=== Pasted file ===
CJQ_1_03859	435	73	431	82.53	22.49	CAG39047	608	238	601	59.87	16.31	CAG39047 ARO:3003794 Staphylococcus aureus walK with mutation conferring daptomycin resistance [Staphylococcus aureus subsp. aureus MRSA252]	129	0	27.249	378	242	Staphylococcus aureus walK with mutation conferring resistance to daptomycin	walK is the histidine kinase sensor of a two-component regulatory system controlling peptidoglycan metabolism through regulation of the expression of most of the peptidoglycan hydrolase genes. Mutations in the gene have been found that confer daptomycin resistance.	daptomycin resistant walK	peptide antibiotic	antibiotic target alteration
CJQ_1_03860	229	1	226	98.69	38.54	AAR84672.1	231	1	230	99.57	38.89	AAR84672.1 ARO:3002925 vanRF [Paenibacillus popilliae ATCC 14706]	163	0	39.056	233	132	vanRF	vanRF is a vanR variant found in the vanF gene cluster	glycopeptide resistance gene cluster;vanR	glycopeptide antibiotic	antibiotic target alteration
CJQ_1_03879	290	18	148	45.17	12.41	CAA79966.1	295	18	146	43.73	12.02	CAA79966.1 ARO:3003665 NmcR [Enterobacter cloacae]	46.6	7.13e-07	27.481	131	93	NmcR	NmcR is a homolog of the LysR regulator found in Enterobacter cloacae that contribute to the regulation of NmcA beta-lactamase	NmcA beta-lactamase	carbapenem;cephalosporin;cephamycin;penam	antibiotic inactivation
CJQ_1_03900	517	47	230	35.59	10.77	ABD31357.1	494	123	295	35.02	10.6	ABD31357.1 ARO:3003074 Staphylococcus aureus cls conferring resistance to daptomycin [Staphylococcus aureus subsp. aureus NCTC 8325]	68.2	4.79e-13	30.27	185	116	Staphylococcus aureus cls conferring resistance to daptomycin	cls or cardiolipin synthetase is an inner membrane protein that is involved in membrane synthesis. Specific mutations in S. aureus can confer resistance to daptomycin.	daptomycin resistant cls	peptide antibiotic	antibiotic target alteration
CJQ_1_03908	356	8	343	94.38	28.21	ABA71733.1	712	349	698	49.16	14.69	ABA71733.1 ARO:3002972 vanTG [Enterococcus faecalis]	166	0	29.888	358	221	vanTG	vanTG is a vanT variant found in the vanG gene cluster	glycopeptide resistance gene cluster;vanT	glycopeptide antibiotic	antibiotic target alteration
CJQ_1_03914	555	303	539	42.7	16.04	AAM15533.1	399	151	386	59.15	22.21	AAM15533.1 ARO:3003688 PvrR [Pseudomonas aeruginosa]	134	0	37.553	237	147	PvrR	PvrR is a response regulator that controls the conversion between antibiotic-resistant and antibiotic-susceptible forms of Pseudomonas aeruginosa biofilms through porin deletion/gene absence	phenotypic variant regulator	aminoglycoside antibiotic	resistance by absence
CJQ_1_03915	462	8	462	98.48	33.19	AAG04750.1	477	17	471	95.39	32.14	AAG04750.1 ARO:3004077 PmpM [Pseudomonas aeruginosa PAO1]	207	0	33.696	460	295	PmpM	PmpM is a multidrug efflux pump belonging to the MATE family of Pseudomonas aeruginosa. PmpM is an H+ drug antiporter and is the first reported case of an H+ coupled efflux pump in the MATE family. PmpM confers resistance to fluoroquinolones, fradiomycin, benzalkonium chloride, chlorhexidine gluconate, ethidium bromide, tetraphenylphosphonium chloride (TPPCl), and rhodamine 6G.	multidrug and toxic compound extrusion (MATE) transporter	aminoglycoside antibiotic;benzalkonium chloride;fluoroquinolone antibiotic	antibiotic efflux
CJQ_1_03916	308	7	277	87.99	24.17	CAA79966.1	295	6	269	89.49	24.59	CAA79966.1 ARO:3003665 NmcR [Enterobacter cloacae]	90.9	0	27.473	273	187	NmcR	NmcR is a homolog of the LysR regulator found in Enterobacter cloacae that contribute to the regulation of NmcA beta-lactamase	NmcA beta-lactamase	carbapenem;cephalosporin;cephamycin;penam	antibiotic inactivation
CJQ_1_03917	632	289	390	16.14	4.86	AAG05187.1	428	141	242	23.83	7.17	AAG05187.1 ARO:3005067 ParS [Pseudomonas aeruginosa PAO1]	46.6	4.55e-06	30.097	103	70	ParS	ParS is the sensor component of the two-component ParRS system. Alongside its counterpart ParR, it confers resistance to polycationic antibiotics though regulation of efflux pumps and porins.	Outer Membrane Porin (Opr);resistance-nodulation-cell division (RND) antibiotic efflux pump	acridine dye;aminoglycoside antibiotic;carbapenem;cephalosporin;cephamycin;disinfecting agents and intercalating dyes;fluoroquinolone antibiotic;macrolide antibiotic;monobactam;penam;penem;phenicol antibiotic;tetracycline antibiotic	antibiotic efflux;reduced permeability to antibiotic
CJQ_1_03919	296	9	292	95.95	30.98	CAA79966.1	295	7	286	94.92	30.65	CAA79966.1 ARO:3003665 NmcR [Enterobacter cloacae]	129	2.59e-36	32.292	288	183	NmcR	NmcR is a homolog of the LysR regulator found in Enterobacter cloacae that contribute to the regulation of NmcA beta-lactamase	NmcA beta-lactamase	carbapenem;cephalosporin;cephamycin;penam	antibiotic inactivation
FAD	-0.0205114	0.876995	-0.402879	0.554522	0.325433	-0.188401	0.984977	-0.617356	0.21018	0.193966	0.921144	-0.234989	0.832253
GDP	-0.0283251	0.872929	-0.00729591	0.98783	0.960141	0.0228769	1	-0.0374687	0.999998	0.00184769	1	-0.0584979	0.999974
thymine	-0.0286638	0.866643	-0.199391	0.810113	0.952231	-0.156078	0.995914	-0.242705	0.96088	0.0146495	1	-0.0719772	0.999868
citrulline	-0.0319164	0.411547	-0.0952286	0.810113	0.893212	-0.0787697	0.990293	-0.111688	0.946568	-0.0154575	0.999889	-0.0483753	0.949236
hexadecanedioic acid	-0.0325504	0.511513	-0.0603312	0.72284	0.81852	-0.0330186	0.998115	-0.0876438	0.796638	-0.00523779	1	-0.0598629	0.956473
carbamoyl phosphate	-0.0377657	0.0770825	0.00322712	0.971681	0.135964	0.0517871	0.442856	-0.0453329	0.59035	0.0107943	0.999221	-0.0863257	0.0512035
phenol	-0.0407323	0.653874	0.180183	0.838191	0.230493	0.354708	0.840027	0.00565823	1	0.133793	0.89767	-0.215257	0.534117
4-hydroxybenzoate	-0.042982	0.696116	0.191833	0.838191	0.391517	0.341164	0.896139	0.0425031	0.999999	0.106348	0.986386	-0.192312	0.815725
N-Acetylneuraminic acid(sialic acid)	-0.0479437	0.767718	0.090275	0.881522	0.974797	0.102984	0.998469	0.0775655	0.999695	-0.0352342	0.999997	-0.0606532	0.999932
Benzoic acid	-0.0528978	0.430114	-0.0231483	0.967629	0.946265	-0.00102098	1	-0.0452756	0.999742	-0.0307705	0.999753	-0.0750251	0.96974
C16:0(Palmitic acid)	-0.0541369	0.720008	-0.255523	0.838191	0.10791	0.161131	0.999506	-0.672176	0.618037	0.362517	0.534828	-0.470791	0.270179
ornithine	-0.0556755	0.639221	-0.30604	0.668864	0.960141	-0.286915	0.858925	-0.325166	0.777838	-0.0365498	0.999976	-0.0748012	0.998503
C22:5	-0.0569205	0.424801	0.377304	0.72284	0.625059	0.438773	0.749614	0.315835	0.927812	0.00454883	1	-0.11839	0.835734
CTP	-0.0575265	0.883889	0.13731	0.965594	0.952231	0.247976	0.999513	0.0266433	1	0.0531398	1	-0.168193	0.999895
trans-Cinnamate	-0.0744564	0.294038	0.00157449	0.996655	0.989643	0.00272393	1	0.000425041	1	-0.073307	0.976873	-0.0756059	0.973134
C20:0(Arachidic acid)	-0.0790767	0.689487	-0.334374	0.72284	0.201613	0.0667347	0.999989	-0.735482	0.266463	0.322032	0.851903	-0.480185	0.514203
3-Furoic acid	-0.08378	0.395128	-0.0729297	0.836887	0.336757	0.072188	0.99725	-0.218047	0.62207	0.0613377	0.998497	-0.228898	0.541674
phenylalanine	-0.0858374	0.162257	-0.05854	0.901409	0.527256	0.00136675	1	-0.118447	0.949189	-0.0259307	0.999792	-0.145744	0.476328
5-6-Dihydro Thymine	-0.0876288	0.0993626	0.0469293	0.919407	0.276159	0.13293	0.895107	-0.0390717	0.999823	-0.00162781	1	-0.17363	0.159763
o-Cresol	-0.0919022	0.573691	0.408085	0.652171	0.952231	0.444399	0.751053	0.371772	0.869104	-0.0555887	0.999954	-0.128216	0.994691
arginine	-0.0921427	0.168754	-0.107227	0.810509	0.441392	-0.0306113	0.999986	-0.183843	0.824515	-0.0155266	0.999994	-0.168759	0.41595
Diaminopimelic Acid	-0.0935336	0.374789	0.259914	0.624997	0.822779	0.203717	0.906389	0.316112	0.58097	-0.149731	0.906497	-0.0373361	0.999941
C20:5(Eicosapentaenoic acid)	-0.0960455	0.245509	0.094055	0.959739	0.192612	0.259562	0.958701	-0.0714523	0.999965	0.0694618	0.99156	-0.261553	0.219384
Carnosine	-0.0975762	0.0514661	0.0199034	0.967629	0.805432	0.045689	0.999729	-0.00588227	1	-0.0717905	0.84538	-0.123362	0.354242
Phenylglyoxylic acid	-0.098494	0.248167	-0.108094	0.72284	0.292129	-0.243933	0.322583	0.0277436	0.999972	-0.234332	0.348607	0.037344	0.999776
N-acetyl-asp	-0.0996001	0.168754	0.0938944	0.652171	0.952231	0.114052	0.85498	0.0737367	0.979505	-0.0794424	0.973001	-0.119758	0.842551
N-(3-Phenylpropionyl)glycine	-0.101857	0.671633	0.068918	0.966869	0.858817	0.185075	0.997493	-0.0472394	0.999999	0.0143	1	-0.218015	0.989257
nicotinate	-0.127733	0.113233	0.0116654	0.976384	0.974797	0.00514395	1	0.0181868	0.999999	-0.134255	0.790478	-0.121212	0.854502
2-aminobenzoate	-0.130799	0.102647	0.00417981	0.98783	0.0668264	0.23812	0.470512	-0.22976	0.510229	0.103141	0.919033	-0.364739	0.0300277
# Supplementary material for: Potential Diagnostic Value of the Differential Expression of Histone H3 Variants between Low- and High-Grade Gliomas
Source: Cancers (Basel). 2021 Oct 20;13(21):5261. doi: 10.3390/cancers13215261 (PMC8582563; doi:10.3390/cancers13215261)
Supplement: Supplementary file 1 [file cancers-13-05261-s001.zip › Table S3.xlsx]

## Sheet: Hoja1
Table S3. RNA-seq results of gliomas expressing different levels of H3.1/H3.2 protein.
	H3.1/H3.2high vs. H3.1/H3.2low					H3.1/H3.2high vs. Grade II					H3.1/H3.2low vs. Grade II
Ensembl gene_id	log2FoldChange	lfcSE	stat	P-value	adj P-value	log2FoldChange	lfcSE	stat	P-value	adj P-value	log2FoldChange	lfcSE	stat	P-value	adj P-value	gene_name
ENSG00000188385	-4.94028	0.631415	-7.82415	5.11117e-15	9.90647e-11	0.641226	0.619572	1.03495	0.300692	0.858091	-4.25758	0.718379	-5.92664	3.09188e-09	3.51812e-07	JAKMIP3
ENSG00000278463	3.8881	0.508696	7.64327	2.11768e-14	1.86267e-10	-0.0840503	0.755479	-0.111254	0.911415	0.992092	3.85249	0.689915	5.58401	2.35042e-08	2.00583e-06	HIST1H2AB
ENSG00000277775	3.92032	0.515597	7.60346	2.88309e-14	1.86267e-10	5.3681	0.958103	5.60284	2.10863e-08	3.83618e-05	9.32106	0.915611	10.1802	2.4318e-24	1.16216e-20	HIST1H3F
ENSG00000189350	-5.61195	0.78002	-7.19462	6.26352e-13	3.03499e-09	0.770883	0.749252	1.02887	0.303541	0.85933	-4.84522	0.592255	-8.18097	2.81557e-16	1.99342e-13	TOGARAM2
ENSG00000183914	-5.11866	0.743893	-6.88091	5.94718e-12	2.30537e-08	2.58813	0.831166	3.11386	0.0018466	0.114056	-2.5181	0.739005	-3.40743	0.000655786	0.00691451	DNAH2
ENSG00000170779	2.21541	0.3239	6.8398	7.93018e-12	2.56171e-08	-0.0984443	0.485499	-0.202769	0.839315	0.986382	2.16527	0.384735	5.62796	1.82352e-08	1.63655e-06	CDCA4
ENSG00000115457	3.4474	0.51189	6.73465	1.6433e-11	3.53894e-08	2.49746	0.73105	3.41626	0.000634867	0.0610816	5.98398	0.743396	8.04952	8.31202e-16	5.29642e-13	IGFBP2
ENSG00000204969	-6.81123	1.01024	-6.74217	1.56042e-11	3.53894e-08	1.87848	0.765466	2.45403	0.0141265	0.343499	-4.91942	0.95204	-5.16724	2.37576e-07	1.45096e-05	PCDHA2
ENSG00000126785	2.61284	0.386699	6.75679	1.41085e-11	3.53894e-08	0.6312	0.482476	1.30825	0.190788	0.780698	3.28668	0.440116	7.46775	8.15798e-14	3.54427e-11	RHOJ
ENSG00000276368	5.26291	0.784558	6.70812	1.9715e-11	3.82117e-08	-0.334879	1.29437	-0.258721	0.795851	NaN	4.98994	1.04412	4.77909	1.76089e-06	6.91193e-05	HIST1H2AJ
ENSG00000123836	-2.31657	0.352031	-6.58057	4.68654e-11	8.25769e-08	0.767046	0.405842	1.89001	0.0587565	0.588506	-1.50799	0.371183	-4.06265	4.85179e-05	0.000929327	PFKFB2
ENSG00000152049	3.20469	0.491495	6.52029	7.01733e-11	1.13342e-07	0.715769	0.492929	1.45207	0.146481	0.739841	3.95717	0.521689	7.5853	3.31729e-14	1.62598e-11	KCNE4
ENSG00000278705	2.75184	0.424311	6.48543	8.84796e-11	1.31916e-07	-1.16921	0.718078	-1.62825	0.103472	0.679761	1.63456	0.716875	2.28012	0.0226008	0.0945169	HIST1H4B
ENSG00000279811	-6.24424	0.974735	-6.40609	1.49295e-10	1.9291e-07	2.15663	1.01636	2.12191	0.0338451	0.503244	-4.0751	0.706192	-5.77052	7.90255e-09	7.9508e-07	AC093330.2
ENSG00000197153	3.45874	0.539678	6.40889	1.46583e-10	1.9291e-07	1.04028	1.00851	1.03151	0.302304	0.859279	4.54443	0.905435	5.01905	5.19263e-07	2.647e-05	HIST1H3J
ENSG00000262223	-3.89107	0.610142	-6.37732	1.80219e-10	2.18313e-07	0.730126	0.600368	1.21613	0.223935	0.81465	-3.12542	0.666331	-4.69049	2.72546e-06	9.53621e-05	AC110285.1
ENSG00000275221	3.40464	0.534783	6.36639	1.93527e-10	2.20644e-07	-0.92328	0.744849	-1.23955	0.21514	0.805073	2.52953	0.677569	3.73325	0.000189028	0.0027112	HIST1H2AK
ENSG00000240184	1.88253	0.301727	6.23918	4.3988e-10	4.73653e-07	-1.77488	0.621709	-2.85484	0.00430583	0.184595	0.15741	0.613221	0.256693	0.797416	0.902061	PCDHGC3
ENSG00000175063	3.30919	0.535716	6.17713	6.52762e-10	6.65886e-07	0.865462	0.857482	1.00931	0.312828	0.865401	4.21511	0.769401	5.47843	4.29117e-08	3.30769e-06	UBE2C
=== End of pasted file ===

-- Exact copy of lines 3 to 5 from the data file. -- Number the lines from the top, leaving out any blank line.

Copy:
CJQ_1_03879	290	18	148	45.17	12.41	CAA79966.1	295	18	146	43.73	12.02	CAA79966.1 ARO:3003665 NmcR [Enterobacter cloacae]	46.6	7.13e-07	27.481	131	93	NmcR	NmcR is a homolog of the LysR regulator found in Enterobacter cloacae that contribute to the regulation of NmcA beta-lactamase	NmcA beta-lactamase	carbapenem;cephalosporin;cephamycin;penam	antibiotic inactivation
CJQ_1_03900	517	47	230	35.59	10.77	ABD31357.1	494	123	295	35.02	10.6	ABD31357.1 ARO:3003074 Staphylococcus aureus cls conferring resistance to daptomycin [Staphylococcus aureus subsp. aureus NCTC 8325]	68.2	4.79e-13	30.27	185	116	Staphylococcus aureus cls conferring resistance to daptomycin	cls or cardiolipin synthetase is an inner membrane protein that is involved in membrane synthesis. Specific mutations in S. aureus can confer resistance to daptomycin.	daptomycin resistant cls	peptide antibiotic	antibiotic target alteration
CJQ_1_03908	356	8	343	94.38	28.21	ABA71733.1	712	349	698	49.16	14.69	ABA71733.1 ARO:3002972 vanTG [Enterococcus faecalis]	166	0	29.888	358	221	vanTG	vanTG is a vanT variant found in the vanG gene cluster	glycopeptide resistance gene cluster;vanT	glycopeptide antibiotic	antibiotic target alteration